Preserving: A New Brunswick, Canada government report on “Fiddleheads and Food Safety” suggests not to home-preserve fiddlehead ferns. [8]

Also, always wash your hands thoroughly with hot, soapy water before and after touching the fronds.

Fiddlehead Recipes

There are several fiddlehead recipes available online. But one of the best ways to eat fiddlehead ferns is by sautéing them in olive oil or butter as you will be able to taste the fresh, nutty flavor of the vegetables. Here is a simple recipe.

Cooked ostrich fiddleheads ferns with garlic

Sautéed Fiddlehead Ferns With Garlic Recipe

A delicious treat to celebrate spring! 
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Course: Appetizer, Side Dish
Cuisine: American
Keyword: Sautéed Fiddlehead Ferns
Appliance: Pot
Prep Time: 15 minutes
Cook Time: 25 minutes
Total Time: 40 minutes
Servings: 4 servings
Author: Raksha Hegde


  • 1 pound fiddlehead ferns
  • 2 cloves garlic minced
  • 1 tbsp butter
  • sea salt to taste
  • 1 tsp black pepper
  • 1/2 tbsp lemon juice


  • You want to begin with cleaning the fiddleheads first. The best way is to put the fiddleheads in a bowl of water. Swish them around in the water to loosen and remove mud or dirt.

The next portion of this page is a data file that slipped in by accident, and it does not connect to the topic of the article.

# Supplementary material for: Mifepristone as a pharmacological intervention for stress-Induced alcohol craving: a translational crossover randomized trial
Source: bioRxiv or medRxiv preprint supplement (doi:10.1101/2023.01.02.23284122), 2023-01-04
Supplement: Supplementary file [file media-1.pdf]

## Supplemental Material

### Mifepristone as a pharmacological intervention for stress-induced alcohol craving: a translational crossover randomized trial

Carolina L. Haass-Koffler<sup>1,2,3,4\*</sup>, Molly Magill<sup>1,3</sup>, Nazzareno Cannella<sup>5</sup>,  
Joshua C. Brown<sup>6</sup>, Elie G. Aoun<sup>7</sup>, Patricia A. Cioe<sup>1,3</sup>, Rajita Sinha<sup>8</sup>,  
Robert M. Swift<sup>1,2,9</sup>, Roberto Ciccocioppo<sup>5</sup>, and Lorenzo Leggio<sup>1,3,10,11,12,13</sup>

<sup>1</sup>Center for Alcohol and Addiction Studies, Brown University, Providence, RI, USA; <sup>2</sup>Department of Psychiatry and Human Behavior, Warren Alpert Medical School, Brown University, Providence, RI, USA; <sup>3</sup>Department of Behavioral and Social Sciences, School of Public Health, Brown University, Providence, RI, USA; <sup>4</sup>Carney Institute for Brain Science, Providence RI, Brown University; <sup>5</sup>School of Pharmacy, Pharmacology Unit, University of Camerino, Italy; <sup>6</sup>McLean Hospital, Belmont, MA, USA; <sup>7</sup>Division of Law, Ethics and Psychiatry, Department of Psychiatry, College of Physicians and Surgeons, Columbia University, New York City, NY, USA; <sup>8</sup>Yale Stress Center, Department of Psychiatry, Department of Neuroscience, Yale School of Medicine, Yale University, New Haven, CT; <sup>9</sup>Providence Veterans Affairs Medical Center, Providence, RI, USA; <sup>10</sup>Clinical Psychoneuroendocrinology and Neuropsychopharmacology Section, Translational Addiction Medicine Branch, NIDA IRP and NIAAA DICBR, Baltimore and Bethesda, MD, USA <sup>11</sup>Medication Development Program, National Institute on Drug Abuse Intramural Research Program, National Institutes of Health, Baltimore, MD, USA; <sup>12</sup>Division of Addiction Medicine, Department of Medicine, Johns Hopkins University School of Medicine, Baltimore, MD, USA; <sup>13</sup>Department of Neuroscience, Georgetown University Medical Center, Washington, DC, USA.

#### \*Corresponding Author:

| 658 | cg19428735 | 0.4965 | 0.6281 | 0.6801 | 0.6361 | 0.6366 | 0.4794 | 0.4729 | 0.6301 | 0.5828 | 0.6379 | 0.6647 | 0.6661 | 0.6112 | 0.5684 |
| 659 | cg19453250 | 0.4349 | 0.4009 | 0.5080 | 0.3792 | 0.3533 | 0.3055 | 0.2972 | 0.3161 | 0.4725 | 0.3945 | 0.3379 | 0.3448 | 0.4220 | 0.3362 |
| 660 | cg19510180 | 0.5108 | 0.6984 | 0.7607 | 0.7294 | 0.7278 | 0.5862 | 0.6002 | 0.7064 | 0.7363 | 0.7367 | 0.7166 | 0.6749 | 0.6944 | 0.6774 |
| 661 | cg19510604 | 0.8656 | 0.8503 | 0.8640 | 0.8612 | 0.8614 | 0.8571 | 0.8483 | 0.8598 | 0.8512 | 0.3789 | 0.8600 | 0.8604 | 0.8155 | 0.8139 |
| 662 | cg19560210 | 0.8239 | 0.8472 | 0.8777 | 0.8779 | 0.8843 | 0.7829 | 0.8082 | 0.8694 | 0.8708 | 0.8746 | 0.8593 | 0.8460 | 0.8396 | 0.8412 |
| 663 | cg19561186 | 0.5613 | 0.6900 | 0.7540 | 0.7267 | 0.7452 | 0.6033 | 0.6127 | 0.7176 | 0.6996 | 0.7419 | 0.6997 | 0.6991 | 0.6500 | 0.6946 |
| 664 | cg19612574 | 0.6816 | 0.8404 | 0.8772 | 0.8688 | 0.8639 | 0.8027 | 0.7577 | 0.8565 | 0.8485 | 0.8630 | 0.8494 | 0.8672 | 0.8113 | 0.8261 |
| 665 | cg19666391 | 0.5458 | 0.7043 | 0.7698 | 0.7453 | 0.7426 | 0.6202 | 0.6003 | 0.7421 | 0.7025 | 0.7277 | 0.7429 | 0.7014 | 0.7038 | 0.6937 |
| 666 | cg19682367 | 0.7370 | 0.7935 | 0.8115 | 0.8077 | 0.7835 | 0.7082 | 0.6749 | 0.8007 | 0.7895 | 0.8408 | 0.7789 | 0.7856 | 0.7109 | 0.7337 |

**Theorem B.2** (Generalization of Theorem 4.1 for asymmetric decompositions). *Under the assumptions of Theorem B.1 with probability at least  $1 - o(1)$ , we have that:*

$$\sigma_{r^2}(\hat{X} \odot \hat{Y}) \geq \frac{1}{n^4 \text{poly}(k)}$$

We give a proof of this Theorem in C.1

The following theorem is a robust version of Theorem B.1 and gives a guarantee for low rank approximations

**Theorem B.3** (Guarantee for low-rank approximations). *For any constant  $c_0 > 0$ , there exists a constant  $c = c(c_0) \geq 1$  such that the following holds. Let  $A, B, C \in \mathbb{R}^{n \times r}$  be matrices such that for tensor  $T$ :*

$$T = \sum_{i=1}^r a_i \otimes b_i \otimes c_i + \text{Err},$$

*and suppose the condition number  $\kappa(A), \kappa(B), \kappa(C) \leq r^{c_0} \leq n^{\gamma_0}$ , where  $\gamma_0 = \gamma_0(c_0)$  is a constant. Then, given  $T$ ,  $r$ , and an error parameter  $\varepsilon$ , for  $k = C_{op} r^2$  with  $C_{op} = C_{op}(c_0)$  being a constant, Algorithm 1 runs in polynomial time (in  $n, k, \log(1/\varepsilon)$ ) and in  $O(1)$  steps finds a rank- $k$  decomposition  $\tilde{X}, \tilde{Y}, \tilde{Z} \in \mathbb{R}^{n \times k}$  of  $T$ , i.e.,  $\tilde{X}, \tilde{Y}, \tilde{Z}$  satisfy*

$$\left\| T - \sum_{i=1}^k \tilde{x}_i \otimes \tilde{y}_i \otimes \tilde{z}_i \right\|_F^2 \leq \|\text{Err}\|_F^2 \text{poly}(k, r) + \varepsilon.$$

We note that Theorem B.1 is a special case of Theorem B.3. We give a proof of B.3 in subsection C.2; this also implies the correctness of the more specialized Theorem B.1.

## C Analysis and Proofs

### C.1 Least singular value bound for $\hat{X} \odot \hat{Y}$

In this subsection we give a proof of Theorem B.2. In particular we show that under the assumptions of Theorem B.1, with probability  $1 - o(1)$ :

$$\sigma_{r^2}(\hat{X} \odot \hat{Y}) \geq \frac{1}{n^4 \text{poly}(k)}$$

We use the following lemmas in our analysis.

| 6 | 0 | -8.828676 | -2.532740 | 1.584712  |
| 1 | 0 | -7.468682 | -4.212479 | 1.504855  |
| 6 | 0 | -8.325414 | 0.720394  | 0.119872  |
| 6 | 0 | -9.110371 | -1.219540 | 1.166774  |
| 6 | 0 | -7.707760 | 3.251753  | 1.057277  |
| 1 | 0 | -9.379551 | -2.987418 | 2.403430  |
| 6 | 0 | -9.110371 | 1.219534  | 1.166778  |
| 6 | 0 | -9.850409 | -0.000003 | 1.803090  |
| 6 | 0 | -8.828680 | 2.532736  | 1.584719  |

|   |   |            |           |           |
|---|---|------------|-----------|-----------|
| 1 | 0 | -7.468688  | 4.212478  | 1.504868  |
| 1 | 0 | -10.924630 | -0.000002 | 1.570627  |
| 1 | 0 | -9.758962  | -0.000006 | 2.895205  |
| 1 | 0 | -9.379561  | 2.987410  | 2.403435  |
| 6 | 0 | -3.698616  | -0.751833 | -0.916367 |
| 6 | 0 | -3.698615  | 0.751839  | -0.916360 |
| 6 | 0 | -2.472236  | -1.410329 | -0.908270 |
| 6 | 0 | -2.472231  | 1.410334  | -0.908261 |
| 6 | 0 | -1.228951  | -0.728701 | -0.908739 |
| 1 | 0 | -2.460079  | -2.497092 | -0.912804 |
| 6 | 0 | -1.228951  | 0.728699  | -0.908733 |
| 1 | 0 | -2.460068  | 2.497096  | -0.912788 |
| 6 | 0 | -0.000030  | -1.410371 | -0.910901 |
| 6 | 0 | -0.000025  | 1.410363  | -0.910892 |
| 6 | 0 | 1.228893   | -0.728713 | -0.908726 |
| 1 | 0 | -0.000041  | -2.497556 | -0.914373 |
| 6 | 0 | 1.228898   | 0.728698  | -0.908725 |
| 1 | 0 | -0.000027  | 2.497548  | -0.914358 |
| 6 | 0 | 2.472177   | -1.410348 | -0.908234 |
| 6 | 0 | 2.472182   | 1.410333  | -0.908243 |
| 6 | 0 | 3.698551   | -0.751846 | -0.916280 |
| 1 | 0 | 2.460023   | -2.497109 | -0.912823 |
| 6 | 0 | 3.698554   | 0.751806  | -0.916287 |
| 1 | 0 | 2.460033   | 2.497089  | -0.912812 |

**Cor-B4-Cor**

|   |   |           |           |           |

• The mud will settle at the bottom of the bowl. Gently remove the clean fiddleheads and rinse it once more under running water. 
  • With a paring knife, trim the ends of the fiddleheads. You should also remove any brown or mushy parts. 
  • In a large pot, add the fronds and enough water to cover them. Add salt and boil them for 10-15 minutes. They will rise to the surface once done. 
  • The boiled water may be dirty. Put the fiddleheads in a colander and rinse them with cold water. Pat them dry with paper towels. 
  • In a frying pan, warm butter. Add the minced garlic and sauté for a minute till the aroma of the garlic gets released. 
  • Add the blanched fiddleheads. Stir them well on medium-high heat till they begin to brown on the edges. 
  • Add black pepper and lemon juice, and mix well. Add salt if needed. The fiddleheads are ready. Enjoy their fresh, delicate flavor! 
    Green fiddlehead ferns in a brown bowl on a jute cloth on wooden table

If you do get your hands on fiddleheads and fall in love with them, you can experiment with different recipes. You can even try making them the star ingredient in your salad for your next picnic lunch. Just make sure that you follow the safety guidelines. You can then enjoy the fresh seasonal produce!

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About the Author

Raksha Hegde is the content director at Organic Facts and helps oversee a team of brilliant, dynamic content writers. She completed her MS in Broadcast Journalism from Boston University, US. A former business news journalist and editor, Raksha followed her passion for wellness to become a certified Yoga teacher and a wellness festival curator. She believes that learning is a life-long process; she did a certificate e-course on “Introduction to Food and Health” in 2019 from Stanford University, US.